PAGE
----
The co-operation has had many benefits.
Although the private sector was heavily indebted, the Government was virtually free of foreign debts, net of foreign reserves, in 2008. The crisis changed this picture, as revenues fell and the State had to carry the cost of capitalising new banks. This cost from the crisis has been tallied and accounted for under the auspices of the IMF and we can safely say that there are not hidden or implicit liabilities. Moreover, we have gained valuable assistance in creating a credible path towards a balanced budget by 2014.
The relationship prompted us – as well as the IMF mission – to be innovative. There has been complete frankness on both sides, true transparancy and great willingness to seek solutions to all the myriads of problems that had to be solved.
Let me mention examples:
In late November 2008 we introduced severe capital account restrictions. We moved on the advice of the IMF, which is no advocate of capital controls. The advice was a departure from traditional IMF thinking, but an unavoidable decision to take.
Contrary to the criticism levelled at the IMF in the 1990´s, fiscal adjustment was effectively delayed as the Icelandic IMF plan foresaw us making full use of the automatic stabilisers – the unemployment and welfare benefits – for the first year of the program. It helped us to deal with the situation much more effectively than otherwise would have been the case and helped to avoid a much more severe downturn.
The biggest remaining challenge is making sure that Iceland can thrive in the future as a free and open market in a globalised world.
Since the Icelanders were unable to smooth their way out of crisis with near-zero interest rate and quantitative easing, like larger currency areas were able to, the macroeconomic adjustment was both rapid and painful led by sharp depreciation in Icelandic krona. The average Icelandic household has seen a 30% reduction in purchasing power since 2008 and the country is now running a merchandise trade surplus of 10% of GDP. Iceland is now well on its way in achieving an export based recovery. It is therefore easy from the outside to make the case for the Icelandic krona and see only the benefits brought by the floating exchange rate for the economic recovery.
That is however only one side of the story and I am afraid we can not allow us such a romantic and short term view of the whole currency question. The krona was a major factor in getting us into trouble in the first place.
The banking crisis was preceded by a currency crisis. The Icelandic Central bank raised interest rates to stem inflation. High interest rates in an open economy attracted carry-trade and an endlessly appreciating krona encouraged unsustainable foreign borrowing by households and the corporate sector. The krona had therefore placed us in an economic strait-jacket, well before the events of 2008.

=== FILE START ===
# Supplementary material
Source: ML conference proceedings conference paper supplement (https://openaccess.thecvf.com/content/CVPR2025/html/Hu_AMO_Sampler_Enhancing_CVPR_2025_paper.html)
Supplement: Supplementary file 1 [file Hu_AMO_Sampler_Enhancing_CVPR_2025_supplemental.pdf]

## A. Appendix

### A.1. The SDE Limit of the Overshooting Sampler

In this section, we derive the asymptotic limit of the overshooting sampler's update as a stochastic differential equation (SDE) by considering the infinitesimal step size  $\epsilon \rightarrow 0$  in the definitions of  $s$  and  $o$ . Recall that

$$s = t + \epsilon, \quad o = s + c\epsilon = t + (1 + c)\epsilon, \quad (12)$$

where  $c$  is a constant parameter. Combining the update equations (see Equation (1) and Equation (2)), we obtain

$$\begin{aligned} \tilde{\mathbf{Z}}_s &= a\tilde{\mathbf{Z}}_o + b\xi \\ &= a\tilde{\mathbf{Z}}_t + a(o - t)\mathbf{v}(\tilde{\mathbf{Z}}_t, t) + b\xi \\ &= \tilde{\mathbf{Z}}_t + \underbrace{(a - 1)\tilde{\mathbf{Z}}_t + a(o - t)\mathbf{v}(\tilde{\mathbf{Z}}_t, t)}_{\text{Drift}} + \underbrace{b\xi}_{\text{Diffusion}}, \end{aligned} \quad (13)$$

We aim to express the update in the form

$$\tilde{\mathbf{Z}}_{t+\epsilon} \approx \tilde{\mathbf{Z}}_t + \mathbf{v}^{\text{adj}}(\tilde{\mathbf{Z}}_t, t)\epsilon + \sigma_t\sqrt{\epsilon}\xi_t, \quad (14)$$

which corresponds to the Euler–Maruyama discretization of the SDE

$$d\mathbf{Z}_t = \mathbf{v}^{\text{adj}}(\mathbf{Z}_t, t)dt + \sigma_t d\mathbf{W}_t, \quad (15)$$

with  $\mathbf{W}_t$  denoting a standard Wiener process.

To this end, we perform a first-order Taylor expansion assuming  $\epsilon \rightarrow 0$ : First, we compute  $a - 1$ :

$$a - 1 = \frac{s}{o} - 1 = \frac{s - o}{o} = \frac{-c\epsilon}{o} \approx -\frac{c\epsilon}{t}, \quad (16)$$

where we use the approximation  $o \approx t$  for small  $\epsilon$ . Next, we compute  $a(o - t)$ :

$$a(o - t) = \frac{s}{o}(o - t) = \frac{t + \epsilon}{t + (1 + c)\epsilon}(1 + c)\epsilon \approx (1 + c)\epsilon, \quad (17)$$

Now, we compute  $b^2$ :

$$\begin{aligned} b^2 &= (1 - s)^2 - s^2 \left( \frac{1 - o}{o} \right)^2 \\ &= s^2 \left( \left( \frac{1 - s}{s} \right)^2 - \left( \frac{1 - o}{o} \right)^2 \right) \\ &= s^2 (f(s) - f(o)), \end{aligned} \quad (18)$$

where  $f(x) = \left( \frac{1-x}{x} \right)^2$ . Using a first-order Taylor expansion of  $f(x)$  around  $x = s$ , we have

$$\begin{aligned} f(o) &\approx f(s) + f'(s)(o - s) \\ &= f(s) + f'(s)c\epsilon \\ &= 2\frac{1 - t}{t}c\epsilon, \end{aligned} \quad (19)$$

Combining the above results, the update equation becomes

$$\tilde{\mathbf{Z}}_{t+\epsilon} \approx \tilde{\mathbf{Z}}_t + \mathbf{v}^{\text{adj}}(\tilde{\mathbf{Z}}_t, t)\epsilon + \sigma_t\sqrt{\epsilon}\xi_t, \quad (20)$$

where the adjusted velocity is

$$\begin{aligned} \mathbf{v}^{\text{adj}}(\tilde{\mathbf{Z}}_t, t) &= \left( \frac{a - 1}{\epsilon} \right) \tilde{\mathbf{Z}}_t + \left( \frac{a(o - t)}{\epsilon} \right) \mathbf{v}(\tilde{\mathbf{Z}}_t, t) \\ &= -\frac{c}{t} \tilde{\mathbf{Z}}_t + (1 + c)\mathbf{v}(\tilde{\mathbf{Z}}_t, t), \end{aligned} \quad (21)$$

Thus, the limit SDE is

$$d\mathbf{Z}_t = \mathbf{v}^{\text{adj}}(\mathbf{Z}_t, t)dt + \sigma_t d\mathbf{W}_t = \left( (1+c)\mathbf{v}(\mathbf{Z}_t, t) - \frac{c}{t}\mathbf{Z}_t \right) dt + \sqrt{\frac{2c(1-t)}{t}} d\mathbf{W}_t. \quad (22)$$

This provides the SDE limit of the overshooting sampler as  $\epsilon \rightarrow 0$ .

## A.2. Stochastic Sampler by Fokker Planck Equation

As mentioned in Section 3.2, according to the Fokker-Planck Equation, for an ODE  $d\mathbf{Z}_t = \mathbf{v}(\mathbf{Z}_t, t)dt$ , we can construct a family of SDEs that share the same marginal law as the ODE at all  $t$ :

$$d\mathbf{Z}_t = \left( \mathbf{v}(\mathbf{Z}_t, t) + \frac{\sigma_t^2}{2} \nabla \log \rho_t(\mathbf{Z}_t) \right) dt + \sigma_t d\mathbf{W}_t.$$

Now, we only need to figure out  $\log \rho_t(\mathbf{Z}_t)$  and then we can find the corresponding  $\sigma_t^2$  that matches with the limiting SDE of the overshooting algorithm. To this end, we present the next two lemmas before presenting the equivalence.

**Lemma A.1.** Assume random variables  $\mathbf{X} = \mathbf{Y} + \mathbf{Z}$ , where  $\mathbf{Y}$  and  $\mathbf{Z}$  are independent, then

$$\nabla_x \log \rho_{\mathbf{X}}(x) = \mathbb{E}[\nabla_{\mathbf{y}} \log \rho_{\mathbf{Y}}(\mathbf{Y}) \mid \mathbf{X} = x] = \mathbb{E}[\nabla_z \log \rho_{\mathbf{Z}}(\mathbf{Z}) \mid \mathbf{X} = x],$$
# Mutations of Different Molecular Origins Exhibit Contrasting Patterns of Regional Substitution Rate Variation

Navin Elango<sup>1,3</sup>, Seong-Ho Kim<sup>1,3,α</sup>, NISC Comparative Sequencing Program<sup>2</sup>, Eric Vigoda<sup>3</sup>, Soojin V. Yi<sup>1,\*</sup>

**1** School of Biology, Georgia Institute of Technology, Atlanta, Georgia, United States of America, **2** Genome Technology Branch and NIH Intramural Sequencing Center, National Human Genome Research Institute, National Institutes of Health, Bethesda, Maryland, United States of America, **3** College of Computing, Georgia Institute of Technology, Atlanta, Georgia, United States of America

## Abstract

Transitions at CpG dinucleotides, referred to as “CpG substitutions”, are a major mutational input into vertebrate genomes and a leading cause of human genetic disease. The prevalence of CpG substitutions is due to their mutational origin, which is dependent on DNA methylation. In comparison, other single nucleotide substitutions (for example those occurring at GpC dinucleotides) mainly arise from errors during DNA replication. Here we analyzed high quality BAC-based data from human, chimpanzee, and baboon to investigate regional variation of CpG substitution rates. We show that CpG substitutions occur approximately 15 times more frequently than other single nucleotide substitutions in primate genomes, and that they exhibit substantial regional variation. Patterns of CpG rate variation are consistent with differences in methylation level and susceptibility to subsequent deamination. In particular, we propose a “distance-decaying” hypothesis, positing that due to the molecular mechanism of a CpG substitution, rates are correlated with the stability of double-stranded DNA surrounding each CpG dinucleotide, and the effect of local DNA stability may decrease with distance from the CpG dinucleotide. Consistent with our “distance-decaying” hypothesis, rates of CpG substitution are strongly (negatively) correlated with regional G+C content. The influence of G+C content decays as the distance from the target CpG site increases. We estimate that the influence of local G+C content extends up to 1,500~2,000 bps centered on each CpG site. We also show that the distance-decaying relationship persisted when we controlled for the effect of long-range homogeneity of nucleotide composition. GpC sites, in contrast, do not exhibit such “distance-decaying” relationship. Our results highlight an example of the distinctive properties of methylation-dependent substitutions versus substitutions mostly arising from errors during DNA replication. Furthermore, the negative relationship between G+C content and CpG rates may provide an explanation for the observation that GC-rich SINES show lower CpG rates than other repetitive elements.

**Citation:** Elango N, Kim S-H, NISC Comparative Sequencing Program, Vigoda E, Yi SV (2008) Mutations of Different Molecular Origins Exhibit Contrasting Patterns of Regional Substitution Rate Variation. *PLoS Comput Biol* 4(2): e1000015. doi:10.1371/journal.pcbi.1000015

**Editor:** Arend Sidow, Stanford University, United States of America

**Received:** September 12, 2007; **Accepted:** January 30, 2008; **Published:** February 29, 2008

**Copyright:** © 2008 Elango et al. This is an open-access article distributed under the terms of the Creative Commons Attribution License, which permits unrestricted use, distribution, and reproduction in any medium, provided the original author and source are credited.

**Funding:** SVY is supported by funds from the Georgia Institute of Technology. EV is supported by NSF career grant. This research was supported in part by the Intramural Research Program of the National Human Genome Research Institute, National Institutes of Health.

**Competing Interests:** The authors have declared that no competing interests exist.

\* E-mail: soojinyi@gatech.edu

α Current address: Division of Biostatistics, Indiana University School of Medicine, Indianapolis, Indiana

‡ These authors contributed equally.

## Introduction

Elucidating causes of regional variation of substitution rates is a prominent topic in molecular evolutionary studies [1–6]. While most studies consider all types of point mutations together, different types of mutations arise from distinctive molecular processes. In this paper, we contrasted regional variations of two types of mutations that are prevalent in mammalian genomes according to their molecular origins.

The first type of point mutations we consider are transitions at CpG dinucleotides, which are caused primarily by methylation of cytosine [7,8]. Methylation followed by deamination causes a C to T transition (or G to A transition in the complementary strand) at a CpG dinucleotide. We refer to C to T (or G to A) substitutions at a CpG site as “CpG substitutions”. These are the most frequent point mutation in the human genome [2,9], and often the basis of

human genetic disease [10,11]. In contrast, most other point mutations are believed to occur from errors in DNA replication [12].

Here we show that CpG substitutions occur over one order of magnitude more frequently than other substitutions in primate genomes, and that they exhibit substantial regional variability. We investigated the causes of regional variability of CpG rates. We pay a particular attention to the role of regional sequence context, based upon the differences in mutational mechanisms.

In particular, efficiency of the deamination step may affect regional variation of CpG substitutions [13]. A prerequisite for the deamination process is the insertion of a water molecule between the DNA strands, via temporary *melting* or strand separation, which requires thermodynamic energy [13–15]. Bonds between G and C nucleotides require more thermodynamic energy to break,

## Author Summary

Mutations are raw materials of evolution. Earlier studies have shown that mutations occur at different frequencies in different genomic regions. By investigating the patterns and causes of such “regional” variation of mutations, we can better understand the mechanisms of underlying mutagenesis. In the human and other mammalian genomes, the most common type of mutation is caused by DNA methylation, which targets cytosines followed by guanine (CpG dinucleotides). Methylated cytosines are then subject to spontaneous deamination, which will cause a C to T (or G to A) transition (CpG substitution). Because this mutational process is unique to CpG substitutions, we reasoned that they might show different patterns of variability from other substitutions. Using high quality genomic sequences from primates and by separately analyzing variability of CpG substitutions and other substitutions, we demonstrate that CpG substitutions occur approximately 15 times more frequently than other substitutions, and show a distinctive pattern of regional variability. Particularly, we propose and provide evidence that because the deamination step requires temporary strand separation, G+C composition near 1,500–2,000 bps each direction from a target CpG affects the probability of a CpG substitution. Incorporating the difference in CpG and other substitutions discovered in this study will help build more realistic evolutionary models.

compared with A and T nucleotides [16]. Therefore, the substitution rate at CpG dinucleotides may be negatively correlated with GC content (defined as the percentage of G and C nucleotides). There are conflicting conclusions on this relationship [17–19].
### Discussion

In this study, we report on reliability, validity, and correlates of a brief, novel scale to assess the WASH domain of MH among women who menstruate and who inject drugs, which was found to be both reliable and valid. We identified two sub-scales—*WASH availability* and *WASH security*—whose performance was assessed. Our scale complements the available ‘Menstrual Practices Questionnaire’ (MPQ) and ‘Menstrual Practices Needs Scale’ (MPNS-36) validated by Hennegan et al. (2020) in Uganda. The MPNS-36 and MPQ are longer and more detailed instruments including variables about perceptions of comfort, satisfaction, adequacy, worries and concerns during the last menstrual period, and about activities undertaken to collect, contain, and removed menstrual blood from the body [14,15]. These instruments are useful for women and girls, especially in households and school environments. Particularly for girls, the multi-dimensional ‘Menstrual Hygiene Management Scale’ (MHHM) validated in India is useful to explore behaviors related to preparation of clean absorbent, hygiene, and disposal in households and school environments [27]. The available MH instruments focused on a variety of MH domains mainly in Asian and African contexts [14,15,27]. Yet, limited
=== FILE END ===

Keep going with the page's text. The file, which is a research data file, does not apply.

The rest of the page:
The fall of the krona also excacerbated the problem of overindebtedness of the private sector. With 70% of all corporate lending in foreign currency almost all equity in the corporate sector has been wiped out. This is the biggest single reason for anemic investment and growth: Overindebted companies do not invest. Similary, with the household sector overindebted and nearly the entire stock of mortgages linked to inflation, mortages have increased by more than 30% and interest payments as a share of total disposable income have risen from 20% in 2008 to over 30% in 2010. How are households to smooth consumption over time and make plans for the future when they face such uncertainties? The fall of the exchange rate may therefore have eased the shock in the labour market, but the position of the household and corporate sector has been dire nonetheless due to these severe balance sheet effects.
This leads us to the more existential question about whether Iceland can continue to be a part of the European single market with its own very small national currency. As our Central Bank Governor has repeatetly pointed out, Iceland's own experience shows the contradiction between a single European regulatory framework for financial services, on the one hand, and the national frameworks for crisis management and resolution on the other. This framework allows for risks that banks from small countries with independent currencies are more exposed to than others. Moreover, recent research shows that flexible exchange rates increase the risk of a banking and currency crisis while they seem to create problems for policy makers - without solving any – for small rich economies.
Iceland‘s ability to be a free and open economy is closely linked to the question of our future currency framework. An independent krona requires at least some restrictions on free movement of capital. Will the krona be worth the restrictions?
All over the western world questions are being asked about the sustainability of the financial system. Most of our countries have for a long time been on an unsustainable path in terms of debt levels and growth prospects. Can we address our problems only through the traditional means of austerity and more borrowing – one or the other? I don't think so. The longer term success – both economic and democratic – will depend on the level of structural reforms undertaken. We can not thrive in societies lacking social cohesion. The social contract stands for both an active safety net and equal opportunities for all. We now see groups within society and even entire generations having little hope of meaningful employment and finding themselves excluded, while others enjoy relative job security. Some workers have to make do with the basic pension while others enjoy more generous provisions. These examples are endless. Structural reforms, taking on vested interests and empowering people may be difficult but they are absolutely essential.
We can not base prosperity on the participation of the few and disillusionment of the many.
I am often asked what lessons can be drawn from the Icelandic experience for the wider world. Paul Thomsen, the first IMF mission chief, yesterday described what this society went through in 2008 as “a near death experience”. It has certainly been a difficult journey but we have used this experience as an opportunity. Maybe that is the lesson to be drawn: Difficulties provide opportunities. They force you to focus on your relative strenght and enable you to deal with weaknesses, in spite of the general resistance to change. That opportunity needs to be seised by responsible government, in time of crisis.